(a) Total available household resources, deflated by the consumer expenditure deflator. Includes non-profit institutions serving households. (b) Chained-volume measure. Includes non-profit institutions serving households.

22 Chart 2.3 Household saving ratio
(a) Recessions are defined as at least two consecutive quarters of falling output (at constant market prices) estimated using the latest data. Recessions are assumed to end once output began to rise. (b) Percentage of household post-tax income.

23 Chart 2.4 Household consumption and real income compared with previous recessions
(a) Chained-volume measure. Includes non-profit institutions serving households. (b) Total available household resources, deflated by the consumer expenditure deflator. Includes non-profit institutions serving households. (c) Peaks in consumption occurred in 1979 Q2, 1990 Q2 and 2007 Q4.

24 Chart 2.6 Dwellings investment
(a) Recessions are defined as in footnote (a) of Chart 2.3. (b) Chained-volume measures.

25 Chart 2.7 Business investment(a)
(a) Chained-volume measures. Business investment data have been adjusted by Bank staff to take account of the transfer of nuclear reactors from the public corporation sector to central government in 2005 Q2.

26 Chart 2.1 Contributions to calendar-year GDP growth(a)
(a) Chained-volume measures. Components may not sum to total due to chain-linking and the statistical discrepancy. (b) Government investment data have been adjusted by Bank staff to take account of the transfer of nuclear reactors from the public corporation sector to central government in 2005 Q2. (c) Excluding the impact of missing trader intra-community (MTIC) fraud. Official MTIC-adjusted data are not available for exports, so the headline exports data have been adjusted for MTIC fraud by an amount equal to the ONS import adjustment. (d) Excludes the alignment adjustment.

27 Chart 2.9 Composition of the fiscal consolidation(a)
Sources: HM Treasury, Institute for Fiscal Studies and Office for Budget Responsibility. (a) Bars represent the planned fiscal tightening (reduction in government borrowing) relative to the March 2008 Budget projections, decomposed into tax increases and spending cuts, with the spending cuts further subdivided into benefit cuts, other current spending cuts and investment spending cuts. The calculations are based on all HM Treasury Budgets, Pre-Budget Reports and Autumn Statements between March 2008 and March See for more detail.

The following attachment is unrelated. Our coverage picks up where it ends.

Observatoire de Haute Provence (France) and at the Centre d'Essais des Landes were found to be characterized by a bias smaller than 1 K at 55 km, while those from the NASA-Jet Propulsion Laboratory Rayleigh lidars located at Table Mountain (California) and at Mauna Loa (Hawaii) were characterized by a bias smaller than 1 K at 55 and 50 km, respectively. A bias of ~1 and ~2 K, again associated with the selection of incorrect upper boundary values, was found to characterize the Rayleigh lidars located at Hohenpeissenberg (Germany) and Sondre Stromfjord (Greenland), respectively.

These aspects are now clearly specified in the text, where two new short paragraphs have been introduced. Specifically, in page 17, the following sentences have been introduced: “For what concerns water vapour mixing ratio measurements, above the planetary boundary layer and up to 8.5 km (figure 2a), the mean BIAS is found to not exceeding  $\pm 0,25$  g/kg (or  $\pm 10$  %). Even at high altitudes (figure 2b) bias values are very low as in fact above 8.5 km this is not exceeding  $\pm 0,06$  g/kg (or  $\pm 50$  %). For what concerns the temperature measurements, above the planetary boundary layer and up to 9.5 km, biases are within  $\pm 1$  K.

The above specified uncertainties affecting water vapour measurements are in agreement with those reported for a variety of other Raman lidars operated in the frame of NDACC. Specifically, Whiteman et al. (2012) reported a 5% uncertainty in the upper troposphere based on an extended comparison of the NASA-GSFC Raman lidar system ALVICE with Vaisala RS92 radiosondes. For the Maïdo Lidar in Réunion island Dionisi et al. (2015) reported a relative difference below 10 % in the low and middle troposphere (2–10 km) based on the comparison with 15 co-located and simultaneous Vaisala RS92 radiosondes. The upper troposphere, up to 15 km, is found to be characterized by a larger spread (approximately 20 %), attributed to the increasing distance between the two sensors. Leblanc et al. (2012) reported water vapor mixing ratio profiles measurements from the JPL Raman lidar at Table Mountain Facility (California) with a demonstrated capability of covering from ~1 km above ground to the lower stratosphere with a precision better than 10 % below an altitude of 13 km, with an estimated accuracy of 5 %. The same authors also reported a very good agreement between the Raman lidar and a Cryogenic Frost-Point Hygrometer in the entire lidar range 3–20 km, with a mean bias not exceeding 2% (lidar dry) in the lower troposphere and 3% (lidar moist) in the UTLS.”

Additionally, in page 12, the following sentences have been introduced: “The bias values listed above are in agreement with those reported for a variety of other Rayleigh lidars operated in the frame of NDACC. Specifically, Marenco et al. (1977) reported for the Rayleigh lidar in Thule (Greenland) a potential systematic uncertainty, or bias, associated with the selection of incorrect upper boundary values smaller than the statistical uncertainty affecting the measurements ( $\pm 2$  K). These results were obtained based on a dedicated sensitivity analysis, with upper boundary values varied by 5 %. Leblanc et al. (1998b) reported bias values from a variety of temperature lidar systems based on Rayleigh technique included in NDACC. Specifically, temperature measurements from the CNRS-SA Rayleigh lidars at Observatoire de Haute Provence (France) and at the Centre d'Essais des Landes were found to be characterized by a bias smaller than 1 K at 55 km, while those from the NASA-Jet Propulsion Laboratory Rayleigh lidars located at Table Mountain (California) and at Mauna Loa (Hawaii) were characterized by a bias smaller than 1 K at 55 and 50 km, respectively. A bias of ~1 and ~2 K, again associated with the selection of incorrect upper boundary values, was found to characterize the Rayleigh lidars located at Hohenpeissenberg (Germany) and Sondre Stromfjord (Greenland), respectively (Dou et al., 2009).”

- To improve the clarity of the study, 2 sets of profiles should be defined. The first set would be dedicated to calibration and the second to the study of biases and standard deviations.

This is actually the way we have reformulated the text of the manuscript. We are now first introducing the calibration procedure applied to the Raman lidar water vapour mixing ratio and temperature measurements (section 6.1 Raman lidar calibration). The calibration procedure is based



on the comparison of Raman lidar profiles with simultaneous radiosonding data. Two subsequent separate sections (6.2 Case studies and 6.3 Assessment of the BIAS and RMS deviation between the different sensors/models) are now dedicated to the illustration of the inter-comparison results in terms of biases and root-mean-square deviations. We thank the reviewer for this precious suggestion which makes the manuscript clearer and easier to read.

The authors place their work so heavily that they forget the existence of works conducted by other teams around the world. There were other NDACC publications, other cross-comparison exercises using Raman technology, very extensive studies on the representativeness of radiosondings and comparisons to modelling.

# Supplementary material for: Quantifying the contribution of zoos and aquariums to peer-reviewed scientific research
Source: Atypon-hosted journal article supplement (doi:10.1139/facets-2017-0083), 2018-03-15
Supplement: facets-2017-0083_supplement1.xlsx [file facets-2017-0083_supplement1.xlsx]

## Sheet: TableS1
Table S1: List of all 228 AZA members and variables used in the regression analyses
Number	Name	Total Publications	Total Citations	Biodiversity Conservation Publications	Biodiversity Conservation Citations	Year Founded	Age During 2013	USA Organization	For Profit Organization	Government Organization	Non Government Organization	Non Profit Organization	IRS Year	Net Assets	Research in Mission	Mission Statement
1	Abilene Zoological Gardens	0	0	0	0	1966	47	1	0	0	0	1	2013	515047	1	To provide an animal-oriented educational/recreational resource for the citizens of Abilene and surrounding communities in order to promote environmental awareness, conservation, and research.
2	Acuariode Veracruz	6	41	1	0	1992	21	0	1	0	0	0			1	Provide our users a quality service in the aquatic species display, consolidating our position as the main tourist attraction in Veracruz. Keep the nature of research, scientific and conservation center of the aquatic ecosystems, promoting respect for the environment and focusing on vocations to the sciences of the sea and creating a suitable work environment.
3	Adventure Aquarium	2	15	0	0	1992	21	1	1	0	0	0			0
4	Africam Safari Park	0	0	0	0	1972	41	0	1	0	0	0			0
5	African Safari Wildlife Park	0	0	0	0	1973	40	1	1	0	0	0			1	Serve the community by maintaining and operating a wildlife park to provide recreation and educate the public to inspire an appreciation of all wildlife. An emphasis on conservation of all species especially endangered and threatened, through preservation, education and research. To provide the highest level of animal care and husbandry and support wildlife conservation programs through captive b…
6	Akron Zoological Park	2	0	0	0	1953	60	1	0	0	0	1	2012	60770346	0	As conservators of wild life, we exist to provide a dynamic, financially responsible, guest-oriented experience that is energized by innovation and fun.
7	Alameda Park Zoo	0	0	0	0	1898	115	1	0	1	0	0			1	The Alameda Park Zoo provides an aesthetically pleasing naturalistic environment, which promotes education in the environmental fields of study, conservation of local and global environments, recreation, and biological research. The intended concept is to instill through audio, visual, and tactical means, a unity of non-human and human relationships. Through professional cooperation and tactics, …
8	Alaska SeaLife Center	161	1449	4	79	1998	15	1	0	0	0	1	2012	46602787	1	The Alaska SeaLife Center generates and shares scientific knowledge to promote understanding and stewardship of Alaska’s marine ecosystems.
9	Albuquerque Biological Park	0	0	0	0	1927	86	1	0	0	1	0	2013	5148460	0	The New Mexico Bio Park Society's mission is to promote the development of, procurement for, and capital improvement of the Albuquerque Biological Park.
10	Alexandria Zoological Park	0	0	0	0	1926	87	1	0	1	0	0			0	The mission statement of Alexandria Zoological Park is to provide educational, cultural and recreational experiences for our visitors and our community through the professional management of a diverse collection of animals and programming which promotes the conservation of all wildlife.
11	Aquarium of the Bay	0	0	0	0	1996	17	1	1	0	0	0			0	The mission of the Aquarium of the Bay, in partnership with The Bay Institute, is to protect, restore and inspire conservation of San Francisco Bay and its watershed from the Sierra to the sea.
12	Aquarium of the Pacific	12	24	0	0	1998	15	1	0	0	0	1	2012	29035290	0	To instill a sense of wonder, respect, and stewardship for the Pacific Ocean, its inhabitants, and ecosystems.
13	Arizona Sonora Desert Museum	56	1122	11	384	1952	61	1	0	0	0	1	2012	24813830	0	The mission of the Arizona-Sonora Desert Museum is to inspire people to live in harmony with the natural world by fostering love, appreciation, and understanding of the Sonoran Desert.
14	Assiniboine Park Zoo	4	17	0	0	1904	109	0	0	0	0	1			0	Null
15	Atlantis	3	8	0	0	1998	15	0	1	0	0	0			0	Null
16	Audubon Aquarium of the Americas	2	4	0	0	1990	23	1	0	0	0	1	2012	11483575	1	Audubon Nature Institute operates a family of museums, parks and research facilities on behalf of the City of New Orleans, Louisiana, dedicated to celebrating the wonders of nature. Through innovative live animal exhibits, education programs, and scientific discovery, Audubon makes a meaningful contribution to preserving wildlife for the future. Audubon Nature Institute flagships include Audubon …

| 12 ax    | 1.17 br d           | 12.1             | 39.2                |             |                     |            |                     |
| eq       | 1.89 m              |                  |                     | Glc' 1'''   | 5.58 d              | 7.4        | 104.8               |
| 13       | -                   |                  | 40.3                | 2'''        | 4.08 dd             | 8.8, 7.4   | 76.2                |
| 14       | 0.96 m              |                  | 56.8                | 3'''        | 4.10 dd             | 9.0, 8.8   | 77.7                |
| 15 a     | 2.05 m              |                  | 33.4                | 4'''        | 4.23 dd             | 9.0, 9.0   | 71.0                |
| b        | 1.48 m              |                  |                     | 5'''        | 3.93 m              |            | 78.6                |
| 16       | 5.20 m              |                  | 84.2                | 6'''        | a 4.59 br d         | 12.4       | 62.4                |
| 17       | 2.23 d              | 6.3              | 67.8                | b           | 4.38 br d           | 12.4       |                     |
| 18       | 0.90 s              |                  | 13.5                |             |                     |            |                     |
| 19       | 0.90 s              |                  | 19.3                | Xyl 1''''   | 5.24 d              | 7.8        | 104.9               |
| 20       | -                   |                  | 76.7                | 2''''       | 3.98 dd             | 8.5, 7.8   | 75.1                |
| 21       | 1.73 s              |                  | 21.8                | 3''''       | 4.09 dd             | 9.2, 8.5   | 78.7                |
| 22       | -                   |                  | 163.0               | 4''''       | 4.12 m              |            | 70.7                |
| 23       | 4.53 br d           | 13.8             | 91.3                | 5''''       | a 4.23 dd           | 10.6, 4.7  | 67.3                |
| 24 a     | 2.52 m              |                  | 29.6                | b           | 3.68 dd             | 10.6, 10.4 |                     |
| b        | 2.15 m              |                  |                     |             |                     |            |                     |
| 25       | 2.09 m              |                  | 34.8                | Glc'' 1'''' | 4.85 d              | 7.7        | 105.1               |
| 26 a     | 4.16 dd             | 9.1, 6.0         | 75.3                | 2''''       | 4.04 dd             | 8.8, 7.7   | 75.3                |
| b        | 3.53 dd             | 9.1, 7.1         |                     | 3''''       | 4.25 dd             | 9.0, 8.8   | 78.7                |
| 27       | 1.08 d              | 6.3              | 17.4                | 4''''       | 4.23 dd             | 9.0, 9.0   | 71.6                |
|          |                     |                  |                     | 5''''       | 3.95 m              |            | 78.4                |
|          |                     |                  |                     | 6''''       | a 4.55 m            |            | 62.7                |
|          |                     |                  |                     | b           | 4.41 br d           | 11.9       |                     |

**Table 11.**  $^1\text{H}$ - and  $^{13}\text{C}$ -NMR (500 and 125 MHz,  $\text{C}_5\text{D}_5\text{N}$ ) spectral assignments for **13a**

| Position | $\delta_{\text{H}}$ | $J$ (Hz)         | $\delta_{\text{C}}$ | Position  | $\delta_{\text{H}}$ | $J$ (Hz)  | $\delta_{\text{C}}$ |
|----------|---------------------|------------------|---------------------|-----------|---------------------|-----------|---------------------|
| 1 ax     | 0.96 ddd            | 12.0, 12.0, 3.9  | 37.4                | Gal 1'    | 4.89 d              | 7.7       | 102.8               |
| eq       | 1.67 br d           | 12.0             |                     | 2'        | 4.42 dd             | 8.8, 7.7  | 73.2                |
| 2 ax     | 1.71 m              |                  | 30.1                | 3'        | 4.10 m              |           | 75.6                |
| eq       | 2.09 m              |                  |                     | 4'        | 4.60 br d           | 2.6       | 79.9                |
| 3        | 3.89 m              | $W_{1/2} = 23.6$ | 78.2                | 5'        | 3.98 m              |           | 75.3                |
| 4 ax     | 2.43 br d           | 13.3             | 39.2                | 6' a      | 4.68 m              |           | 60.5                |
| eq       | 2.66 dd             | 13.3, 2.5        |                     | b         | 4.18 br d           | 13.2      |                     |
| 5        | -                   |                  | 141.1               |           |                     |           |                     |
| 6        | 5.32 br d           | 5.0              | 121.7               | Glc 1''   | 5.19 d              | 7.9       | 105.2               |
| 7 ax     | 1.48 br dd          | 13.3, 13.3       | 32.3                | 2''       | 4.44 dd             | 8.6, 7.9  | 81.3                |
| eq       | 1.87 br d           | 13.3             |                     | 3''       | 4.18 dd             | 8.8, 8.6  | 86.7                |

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32 Government Debt, % GDP, 1946 1933 1940 1975

33 Source: Chick and Pettifor (2010), The Economic Consequences of Mr Osborne, Keynes Seminar,

34 Source: ONS, Labour Market Statistics, A02 & EMP01, Dec 2012

35 Chart 1.1 Bank Rate and forward market interest rates(a)
Sources: Bank of England and Bloomberg. (a) The February 2013 and May 2013 curves are estimated using overnight index swap rates in the fifteen working days to 6 February 2013 and 8 May 2013 respectively.

36 Chart 1.4 Selected ten-year government bond yields(a)
Source: Bloomberg. (a) Yields to maturity on ten-year benchmark government bonds.

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38 Chart 1.14 Broad money and nominal GDP
(a) M4 excluding intermediate other financial corporations (OFCs). Intermediate OFCs are: mortgage and housing credit corporations; non-bank credit grantors; bank holding companies; securitisation special purpose vehicles; and other activities auxiliary to financial intermediation. In addition to the deposits of these five types of OFCs, sterling deposits arising from transactions between banks or building societies and ‘other financial intermediaries’ belonging to the same financial group are excluded from this measure of broad money. The latest observation is 2012 Q2. (b) At current market prices. The latest observation is 2012 Q1.

39 Bank of England Balance Sheet 2007-2009

40 Bank of England Balance Sheet 2009-2013

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42 Chart 1.4 Selected ten-year government bond yields(a)
Source: Bloomberg. (a) Yields to maturity on ten-year benchmark government bonds.

43 Other interesting resources
Institute for Fiscal Studies Excellent analysis and interpretation Office for Budget Responsibility Mainly focussed on fiscal position but produces the economic forecasts on which the Budget is based HM Treasury Budget Website National Statistics

44 Summary IS-LM shows how fiscal and monetary policy interact, with the possibility of ‘crowding out’ The monetary policy response to 2008 has been to floor it, including using QE to stop the money supply shrinking and keep long bond rates low. No chance of crowding out.

45 Summary However, UK discretionary fiscal policy switched from mildly supportive to contractionary in 2010. Output has stagnated until recently, still several percentage points below 2008.

46 Next time Extending the aggregate demand model to take account of foreign trade and the exchange rate